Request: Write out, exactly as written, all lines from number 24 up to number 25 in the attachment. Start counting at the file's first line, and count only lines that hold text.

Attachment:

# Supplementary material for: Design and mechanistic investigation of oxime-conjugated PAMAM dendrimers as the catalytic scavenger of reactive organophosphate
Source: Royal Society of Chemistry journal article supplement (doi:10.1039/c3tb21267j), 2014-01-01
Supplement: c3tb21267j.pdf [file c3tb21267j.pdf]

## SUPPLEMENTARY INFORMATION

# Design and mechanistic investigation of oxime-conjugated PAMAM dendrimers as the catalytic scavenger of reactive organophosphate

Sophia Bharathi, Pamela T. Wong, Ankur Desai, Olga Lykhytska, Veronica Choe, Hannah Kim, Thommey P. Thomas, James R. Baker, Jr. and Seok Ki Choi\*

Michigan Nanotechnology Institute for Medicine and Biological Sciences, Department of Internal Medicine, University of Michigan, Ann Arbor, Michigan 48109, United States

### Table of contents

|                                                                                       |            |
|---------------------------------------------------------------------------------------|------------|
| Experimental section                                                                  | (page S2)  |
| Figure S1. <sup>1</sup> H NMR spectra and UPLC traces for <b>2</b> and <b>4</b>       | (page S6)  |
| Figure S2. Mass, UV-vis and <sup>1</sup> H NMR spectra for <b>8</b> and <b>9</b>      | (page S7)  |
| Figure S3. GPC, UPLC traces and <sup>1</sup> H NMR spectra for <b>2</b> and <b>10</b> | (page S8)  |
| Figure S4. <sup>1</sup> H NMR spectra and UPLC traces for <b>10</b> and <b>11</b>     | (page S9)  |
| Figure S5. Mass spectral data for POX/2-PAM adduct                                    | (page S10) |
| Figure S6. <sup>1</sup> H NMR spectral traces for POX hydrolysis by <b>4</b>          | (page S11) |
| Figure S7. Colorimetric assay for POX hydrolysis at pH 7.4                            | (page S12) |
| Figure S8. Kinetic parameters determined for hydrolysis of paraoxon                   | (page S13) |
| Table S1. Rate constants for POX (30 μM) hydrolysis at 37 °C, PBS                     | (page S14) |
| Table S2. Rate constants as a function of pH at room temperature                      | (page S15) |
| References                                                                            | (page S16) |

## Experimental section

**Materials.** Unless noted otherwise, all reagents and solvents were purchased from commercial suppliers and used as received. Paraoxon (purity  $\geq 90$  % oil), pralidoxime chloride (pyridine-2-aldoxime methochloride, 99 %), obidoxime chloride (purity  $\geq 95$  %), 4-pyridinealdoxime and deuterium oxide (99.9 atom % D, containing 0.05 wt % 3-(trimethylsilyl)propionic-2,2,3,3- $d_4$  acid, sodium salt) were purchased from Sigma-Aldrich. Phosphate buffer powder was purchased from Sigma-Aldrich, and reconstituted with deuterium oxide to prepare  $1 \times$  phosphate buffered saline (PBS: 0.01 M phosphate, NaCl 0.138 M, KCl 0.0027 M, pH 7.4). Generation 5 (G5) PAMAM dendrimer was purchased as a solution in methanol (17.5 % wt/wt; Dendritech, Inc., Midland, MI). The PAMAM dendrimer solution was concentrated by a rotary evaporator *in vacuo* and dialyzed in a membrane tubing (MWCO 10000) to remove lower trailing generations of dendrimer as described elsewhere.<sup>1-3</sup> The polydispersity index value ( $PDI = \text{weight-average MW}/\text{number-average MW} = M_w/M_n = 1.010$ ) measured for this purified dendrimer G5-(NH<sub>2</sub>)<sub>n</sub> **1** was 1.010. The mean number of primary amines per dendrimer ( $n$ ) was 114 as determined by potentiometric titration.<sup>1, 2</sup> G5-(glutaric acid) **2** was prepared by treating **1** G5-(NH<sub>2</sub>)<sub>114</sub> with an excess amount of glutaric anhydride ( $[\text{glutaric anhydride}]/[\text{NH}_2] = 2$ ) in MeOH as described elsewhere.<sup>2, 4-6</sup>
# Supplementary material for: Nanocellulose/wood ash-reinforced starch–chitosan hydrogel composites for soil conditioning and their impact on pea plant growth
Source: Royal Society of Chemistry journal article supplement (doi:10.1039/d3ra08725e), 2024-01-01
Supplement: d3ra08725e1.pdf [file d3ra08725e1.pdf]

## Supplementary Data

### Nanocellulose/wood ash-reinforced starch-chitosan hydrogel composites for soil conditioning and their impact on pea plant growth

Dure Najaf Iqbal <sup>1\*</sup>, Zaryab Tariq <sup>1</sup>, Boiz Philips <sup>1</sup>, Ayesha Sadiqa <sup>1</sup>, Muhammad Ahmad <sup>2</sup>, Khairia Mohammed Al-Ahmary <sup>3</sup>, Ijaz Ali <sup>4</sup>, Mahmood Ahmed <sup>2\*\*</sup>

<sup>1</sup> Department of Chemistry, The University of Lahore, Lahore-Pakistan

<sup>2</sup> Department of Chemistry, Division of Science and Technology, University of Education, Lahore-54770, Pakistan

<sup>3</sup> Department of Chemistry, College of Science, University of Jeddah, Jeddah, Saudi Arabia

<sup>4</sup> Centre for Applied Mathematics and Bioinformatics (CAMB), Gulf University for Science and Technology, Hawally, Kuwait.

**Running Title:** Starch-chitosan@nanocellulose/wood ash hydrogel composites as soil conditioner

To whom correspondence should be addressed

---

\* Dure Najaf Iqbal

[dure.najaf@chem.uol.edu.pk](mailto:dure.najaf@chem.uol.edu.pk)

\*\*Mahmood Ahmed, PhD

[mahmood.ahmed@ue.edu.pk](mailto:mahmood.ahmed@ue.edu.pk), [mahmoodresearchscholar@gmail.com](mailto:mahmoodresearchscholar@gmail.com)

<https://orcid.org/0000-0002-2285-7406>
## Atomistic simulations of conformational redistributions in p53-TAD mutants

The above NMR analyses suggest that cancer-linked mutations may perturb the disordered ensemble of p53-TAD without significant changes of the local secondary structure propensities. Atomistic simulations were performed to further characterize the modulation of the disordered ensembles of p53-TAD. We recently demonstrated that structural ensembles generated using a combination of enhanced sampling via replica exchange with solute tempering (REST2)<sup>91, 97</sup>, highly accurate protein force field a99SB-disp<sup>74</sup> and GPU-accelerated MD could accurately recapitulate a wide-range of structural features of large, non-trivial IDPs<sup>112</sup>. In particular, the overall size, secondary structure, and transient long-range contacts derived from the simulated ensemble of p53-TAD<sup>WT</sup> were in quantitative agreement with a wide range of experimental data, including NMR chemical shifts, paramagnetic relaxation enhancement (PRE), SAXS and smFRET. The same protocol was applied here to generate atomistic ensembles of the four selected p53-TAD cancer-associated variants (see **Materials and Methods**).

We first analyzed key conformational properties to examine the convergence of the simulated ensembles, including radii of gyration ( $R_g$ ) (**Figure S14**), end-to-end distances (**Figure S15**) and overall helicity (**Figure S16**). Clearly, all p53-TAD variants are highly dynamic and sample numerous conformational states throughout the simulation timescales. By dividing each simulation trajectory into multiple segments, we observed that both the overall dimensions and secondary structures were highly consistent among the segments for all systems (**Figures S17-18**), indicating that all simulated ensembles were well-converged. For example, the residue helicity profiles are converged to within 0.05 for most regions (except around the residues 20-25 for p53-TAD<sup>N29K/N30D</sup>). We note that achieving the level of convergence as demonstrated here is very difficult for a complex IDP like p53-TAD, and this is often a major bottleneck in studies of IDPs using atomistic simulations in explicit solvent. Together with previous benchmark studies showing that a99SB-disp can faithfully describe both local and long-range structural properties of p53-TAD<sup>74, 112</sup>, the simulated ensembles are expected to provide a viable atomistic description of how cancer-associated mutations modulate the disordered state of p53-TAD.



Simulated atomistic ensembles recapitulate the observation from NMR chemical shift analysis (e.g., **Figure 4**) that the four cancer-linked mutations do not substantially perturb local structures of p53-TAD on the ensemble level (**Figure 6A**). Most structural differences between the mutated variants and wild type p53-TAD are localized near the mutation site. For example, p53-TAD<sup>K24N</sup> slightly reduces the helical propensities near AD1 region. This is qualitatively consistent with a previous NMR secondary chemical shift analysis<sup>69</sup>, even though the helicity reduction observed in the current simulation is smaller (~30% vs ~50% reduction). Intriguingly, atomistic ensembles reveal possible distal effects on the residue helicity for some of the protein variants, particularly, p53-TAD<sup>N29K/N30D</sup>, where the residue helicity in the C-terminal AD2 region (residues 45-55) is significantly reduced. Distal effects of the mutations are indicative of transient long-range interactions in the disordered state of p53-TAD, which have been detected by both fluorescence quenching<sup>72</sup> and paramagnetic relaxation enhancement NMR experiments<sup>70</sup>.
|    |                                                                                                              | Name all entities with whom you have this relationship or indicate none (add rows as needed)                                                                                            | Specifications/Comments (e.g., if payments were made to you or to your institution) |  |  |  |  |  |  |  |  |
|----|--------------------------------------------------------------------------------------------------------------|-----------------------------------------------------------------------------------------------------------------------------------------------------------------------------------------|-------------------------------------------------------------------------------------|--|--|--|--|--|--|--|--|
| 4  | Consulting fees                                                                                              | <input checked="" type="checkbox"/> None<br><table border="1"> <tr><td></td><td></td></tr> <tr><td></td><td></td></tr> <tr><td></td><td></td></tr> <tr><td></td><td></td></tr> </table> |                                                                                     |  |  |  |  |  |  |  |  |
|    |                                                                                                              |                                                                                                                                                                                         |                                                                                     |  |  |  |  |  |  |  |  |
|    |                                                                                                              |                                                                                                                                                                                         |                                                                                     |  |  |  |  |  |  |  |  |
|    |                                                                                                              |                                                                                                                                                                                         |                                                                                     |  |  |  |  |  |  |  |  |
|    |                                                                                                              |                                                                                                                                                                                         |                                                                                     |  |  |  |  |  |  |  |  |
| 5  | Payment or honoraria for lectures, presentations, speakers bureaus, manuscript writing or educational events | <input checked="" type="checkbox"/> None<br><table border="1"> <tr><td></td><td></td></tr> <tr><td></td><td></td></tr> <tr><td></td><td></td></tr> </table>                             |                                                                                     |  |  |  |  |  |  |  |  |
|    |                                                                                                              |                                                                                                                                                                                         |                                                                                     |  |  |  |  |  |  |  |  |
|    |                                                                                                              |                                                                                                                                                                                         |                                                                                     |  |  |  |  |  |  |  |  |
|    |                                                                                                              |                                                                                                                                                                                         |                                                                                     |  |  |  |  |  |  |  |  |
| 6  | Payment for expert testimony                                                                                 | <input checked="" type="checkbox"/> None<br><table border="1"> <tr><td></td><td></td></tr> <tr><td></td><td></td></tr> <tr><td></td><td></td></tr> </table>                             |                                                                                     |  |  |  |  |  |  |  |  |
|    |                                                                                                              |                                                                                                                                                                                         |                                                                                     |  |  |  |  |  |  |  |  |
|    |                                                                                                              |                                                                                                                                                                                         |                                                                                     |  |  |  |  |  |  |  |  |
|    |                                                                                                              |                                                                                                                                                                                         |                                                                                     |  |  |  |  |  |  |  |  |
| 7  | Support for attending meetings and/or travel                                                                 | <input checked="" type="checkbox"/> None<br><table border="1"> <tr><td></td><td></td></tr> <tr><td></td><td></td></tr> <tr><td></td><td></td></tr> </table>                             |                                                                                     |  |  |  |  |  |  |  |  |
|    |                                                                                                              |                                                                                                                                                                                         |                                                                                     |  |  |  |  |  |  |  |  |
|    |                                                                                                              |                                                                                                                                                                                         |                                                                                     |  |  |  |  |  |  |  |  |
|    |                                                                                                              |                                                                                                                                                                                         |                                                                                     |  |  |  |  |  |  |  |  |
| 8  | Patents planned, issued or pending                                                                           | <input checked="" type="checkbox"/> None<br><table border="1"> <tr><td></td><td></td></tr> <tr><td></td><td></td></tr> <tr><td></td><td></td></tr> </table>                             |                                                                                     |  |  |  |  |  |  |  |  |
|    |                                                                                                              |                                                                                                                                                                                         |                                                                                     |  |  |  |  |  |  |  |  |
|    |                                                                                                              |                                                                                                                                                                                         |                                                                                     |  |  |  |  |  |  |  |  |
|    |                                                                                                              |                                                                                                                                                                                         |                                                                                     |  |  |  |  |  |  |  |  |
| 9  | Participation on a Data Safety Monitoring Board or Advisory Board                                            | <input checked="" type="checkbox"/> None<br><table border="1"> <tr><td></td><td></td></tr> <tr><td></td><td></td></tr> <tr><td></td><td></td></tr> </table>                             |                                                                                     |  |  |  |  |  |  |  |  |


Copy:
**Materials.** Unless noted otherwise, all reagents and solvents were purchased from commercial suppliers and used as received. Paraoxon (purity  $\geq 90$  % oil), pralidoxime chloride (pyridine-2-aldoxime methochloride, 99 %), obidoxime chloride (purity  $\geq 95$  %), 4-pyridinealdoxime and deuterium oxide (99.9 atom % D, containing 0.05 wt % 3-(trimethylsilyl)propionic-2,2,3,3- $d_4$  acid, sodium salt) were purchased from Sigma-Aldrich. Phosphate buffer powder was purchased from Sigma-Aldrich, and reconstituted with deuterium oxide to prepare  $1 \times$  phosphate buffered saline (PBS: 0.01 M phosphate, NaCl 0.138 M, KCl 0.0027 M, pH 7.4). Generation 5 (G5) PAMAM dendrimer was purchased as a solution in methanol (17.5 % wt/wt; Dendritech, Inc., Midland, MI). The PAMAM dendrimer solution was concentrated by a rotary evaporator *in vacuo* and dialyzed in a membrane tubing (MWCO 10000) to remove lower trailing generations of dendrimer as described elsewhere.<sup>1-3</sup> The polydispersity index value ( $PDI = \text{weight-average MW}/\text{number-average MW} = M_w/M_n = 1.010$ ) measured for this purified dendrimer G5-(NH<sub>2</sub>)<sub>n</sub> **1** was 1.010. The mean number of primary amines per dendrimer ( $n$ ) was 114 as determined by potentiometric titration.<sup>1, 2</sup> G5-(glutaric acid) **2** was prepared by treating **1** G5-(NH<sub>2</sub>)<sub>114</sub> with an excess amount of glutaric anhydride ( $[\text{glutaric anhydride}]/[\text{NH}_2] = 2$ ) in MeOH as described elsewhere.<sup>2, 4-6</sup>
# Supplementary material for: Nanocellulose/wood ash-reinforced starch–chitosan hydrogel composites for soil conditioning and their impact on pea plant growth